The End Of Leaf Blowers?

Have you ever had to change the route of a pleasant walk because the path ahead was enveloped in a cacophonous cloud of sand, salt, fungal spores, and dried animal feces? Have you ever had to wait in your car, windows up, for a crew to stop blowing a homeowner’s yard debris into the street?  Wouldn’t it be nice to enjoy the balmy days of spring and the crisp, clear days of autumn, without the constant high-pitched shriek of a leaf blower armada? And also . . . climate change.

Why have we allowed our most anal retentive neighbors, for whom a single twig in the driveway seems to produce unbearable anxiety, to destroy the peace, quiet, and breathable air we all have a right to enjoy? Well maybe Rhode Islanders have finally had enough.

Here comes State Senator Sam Zurier (D-Prov) with a bill that would eventually make it illegal to use gas-powered leaf blowers in Rhode Island. From the ProJo:

Zurier said that one of his constituents suggested that Rhode Island should follow the lead of California, which last year passed a law that requires gas-powered blowers to be phased out by 2024.

He’s proposing a similar timeline: Senate Bill 2168 would ban all sales of gas-powered leaf blowers after July 2023, and prohibit the use of existing equipment after July 2024. Violations would carry a fine of up to $500.

So far the debate seems to be whether electric models could offer a practical alternative for landscapers. I don’t want to put these people out of business, but often a rake and broom would be the more efficient approach to the job. (Watching these workers the day after a rain, blasting away at an unmovable pile of sodden leaves is crazy-making.)

For more let’s check in with the tree-huggers at the Wall Street Journal, “Leaf blowers are loud, ugly, and dangerous.”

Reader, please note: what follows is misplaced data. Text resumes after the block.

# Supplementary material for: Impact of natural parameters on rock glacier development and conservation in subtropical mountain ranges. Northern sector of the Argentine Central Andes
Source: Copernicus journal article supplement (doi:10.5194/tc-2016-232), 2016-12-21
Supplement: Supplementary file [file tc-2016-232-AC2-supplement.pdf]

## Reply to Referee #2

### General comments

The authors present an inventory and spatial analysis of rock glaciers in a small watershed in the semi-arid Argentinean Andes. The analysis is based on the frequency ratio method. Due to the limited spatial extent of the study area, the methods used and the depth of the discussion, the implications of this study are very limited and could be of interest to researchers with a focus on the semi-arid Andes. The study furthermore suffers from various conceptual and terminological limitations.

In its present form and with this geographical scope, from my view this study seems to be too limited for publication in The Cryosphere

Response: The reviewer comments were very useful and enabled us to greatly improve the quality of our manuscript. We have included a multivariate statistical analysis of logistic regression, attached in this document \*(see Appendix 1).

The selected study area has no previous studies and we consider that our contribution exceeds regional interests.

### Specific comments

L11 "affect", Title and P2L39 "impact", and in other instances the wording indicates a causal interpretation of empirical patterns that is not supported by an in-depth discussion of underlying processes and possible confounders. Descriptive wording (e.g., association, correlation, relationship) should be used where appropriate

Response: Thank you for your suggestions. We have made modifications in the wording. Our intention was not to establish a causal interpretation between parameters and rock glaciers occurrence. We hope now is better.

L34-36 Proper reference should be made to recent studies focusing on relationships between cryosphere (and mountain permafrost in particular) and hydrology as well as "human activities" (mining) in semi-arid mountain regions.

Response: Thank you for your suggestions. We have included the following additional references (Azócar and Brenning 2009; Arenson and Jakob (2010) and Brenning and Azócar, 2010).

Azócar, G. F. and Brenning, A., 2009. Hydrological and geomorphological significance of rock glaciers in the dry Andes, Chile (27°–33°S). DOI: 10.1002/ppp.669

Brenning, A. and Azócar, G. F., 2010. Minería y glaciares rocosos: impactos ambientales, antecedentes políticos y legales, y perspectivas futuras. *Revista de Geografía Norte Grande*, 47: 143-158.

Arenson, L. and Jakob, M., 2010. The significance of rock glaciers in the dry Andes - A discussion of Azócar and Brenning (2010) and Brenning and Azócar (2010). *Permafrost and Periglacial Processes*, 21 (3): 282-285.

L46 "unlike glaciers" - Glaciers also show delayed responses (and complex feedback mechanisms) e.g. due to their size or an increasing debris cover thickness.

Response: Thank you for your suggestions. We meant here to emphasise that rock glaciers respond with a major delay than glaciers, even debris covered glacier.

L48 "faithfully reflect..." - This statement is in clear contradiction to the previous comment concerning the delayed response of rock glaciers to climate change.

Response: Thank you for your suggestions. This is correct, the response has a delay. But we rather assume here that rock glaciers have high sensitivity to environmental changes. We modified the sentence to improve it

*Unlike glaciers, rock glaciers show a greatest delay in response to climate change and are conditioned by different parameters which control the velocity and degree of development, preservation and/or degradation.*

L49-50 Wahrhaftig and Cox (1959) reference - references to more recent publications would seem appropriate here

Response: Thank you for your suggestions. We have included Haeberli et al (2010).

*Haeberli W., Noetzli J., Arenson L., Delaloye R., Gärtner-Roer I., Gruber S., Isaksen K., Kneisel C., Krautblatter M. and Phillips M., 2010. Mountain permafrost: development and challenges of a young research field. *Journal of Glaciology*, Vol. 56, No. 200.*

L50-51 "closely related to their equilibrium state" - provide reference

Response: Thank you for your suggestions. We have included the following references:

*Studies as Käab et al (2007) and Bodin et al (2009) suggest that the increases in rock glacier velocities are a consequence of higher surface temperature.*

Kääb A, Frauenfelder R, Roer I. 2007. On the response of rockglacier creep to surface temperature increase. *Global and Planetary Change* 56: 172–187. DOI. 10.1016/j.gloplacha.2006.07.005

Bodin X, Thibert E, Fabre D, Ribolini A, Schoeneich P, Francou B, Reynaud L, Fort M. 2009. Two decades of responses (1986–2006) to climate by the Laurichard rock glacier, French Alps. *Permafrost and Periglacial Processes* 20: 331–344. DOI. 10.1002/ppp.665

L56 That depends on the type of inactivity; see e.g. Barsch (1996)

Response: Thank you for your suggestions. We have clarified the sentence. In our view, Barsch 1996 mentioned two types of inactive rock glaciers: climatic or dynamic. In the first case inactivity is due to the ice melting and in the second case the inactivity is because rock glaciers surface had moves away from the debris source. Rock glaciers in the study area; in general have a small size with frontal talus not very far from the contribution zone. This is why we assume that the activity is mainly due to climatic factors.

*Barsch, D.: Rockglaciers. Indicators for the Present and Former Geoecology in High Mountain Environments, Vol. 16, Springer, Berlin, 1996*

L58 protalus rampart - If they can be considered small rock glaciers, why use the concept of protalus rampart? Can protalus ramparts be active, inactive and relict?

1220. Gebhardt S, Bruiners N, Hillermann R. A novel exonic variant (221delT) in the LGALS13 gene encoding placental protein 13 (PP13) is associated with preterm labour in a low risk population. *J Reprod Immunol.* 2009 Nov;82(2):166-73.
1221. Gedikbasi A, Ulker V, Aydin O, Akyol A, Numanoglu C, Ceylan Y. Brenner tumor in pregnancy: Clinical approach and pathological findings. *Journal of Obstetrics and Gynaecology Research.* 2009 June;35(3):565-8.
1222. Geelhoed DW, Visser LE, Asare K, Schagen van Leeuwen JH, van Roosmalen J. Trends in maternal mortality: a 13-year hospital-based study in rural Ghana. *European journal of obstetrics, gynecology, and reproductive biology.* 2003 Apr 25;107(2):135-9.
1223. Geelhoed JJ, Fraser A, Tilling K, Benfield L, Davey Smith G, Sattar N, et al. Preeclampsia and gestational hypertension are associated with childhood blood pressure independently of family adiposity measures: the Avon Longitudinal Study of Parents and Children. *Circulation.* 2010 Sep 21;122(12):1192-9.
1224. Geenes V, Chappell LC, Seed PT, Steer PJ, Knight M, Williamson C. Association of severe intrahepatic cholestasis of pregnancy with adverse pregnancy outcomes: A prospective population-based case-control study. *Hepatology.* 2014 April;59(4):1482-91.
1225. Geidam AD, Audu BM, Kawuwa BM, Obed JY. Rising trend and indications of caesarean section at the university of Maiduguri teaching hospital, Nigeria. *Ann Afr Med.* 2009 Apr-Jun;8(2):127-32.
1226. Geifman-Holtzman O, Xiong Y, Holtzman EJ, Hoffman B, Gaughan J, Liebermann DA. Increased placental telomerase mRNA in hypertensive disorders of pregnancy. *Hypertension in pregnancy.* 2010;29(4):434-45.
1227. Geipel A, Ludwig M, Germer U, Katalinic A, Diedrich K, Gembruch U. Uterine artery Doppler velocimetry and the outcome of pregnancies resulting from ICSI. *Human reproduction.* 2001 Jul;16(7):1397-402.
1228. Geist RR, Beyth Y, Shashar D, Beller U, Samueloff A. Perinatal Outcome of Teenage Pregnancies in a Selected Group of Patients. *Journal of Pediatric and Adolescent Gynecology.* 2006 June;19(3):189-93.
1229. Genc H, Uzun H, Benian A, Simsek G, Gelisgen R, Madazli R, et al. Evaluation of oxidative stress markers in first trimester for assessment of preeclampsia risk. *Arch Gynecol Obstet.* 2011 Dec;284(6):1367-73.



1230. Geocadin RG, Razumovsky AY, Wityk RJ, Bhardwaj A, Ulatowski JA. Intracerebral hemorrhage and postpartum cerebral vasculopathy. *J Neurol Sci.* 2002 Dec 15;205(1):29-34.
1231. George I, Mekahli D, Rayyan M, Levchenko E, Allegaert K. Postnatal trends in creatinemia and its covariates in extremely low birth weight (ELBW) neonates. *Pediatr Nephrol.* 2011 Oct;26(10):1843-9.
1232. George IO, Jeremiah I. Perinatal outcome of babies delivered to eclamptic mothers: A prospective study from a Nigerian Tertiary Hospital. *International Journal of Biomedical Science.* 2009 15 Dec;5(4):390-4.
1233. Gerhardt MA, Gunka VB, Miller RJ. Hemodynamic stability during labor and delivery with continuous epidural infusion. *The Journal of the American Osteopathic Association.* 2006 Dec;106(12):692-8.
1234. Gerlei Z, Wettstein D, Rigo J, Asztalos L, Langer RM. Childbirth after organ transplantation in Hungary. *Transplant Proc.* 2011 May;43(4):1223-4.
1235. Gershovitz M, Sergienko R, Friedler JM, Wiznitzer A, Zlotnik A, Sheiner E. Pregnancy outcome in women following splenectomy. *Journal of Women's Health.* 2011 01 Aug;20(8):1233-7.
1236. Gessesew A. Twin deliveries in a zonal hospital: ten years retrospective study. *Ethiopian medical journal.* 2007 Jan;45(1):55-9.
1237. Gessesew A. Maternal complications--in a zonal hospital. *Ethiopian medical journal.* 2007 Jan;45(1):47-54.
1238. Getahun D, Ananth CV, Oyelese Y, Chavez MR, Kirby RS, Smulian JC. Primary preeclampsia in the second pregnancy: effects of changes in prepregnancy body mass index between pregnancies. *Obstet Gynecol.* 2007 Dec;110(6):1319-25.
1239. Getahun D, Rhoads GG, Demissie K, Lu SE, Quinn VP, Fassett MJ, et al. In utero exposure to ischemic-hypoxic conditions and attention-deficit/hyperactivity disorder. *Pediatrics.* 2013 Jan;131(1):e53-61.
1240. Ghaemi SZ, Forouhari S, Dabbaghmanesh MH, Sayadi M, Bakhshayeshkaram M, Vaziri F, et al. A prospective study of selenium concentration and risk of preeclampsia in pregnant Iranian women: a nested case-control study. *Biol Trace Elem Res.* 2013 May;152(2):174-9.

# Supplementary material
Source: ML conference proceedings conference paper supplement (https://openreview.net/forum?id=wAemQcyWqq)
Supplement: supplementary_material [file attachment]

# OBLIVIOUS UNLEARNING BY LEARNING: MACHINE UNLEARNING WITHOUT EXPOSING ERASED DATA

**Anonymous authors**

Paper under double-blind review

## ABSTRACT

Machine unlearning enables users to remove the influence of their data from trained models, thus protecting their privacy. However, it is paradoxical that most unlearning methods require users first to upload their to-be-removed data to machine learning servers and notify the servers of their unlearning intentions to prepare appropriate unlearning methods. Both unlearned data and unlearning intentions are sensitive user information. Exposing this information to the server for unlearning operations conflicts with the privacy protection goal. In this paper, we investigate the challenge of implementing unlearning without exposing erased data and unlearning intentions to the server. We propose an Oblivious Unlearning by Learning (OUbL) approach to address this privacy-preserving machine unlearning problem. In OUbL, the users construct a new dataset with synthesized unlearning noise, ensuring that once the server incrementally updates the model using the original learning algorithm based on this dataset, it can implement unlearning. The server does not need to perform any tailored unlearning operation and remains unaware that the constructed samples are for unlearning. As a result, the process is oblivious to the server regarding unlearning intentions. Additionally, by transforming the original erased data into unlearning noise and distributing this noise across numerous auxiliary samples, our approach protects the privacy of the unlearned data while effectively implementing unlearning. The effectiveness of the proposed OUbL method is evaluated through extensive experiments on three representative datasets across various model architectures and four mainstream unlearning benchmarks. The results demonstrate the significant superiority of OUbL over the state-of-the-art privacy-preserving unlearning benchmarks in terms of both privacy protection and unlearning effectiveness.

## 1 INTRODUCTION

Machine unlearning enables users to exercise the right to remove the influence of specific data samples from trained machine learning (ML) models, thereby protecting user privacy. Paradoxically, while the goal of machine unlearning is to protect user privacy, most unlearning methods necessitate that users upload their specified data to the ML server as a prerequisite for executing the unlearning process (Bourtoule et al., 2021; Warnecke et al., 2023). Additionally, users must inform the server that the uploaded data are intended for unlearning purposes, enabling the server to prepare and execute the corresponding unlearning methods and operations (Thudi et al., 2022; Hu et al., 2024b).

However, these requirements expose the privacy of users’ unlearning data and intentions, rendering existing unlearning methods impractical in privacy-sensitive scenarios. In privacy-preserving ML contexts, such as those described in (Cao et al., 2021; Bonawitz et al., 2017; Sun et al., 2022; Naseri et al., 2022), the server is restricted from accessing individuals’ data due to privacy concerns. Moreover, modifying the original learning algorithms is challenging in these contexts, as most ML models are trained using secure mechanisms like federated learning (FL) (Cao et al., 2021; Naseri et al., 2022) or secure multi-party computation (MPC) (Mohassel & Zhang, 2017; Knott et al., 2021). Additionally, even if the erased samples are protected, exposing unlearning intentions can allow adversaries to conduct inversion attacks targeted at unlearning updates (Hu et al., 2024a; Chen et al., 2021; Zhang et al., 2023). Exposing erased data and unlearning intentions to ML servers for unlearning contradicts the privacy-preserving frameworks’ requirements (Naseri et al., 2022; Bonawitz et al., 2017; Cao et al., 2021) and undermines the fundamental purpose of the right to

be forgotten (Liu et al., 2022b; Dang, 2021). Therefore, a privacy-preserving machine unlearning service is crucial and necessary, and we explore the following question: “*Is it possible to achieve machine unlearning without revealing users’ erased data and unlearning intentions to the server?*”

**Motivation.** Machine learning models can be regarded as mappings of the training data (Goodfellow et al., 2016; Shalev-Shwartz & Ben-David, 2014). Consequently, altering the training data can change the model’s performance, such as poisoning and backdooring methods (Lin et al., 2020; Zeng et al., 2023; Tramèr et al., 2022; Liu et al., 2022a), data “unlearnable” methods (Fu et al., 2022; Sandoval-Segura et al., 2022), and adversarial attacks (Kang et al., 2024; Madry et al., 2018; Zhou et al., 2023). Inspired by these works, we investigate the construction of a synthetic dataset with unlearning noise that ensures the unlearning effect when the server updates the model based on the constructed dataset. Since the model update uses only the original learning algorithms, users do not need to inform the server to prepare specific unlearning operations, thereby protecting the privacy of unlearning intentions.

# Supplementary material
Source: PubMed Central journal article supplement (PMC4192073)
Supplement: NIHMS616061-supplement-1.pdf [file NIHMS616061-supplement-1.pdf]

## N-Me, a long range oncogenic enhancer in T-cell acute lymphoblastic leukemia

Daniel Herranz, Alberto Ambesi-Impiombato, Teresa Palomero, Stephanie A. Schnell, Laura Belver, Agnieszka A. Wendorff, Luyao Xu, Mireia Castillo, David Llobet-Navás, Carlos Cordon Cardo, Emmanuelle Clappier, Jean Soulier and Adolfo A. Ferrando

Most leaf blowers use two-stroke engines—lightweight, compact, cheap sources of power for lawn mowers, tree trimmers and snowblowers. The problem with these crude motors is that their intake and exhaust functions occur at the same time, meaning the fuel mixes with oil. A large share of the gasoline is then spewed out unburned, as an aerosol in the exhaust. Such fumes have been found to increase the risk of cancer, heart disease and asthma.

The increase in childhood asthma seems to track the exploding sales of these devices. The leaf blower came into use in the 1970s and according to the PRB: “The total number of children suffering from this chronic disease increased by 75 percent between 1980 and 1994.” Not proof of causation, of course, but more research is needed. But only after we get rid of the horrible machines.

This piece for the New York Times last October gives a nod to Shakespeare who did not coin the term, “First Thing We Do: Let’s Kill all the Leaf Blowers.”

This particular environmental catastrophe is not news. A 2011 study by Edmunds found that a two-stroke gasoline-powered leaf blower spewed out more pollution than a 6,200-pound Ford F-150 SVT Raptor pickup truck. Jason Kavanagh, the engineering editor at Edmunds at the time, noted that “hydrocarbon emissions from a half-hour of yard work with the two-stroke leaf blower are about the same as a 3,900-mile drive from Texas to Alaska in a Raptor.”

The Washington Post has covered the California story (although shame on them for not acknowledging the godmother of the anti-leaf blower movement, Julie Newmar, the Batwoman). And this may affect the future of the Rhode Island legislation.

The California ban may still hit snags. The new legislation, for instance, allows the California Air Resources Board to delay implementation depending on feasibility. Under the federal Clean Air Act, California must also apply to the Environmental Protection Agency for authorization to “enforce its own standards for new nonroad engines and vehicles.” Only after that is granted can other states take similar steps. “California has to get over that hump,” said Richard Reibstein, a lecturer of environmental law and policy at Boston University, as well as an advocate for lower-impact equipment. “Then other states can follow them.”

Let’s stop making ourselves sick and crazy.



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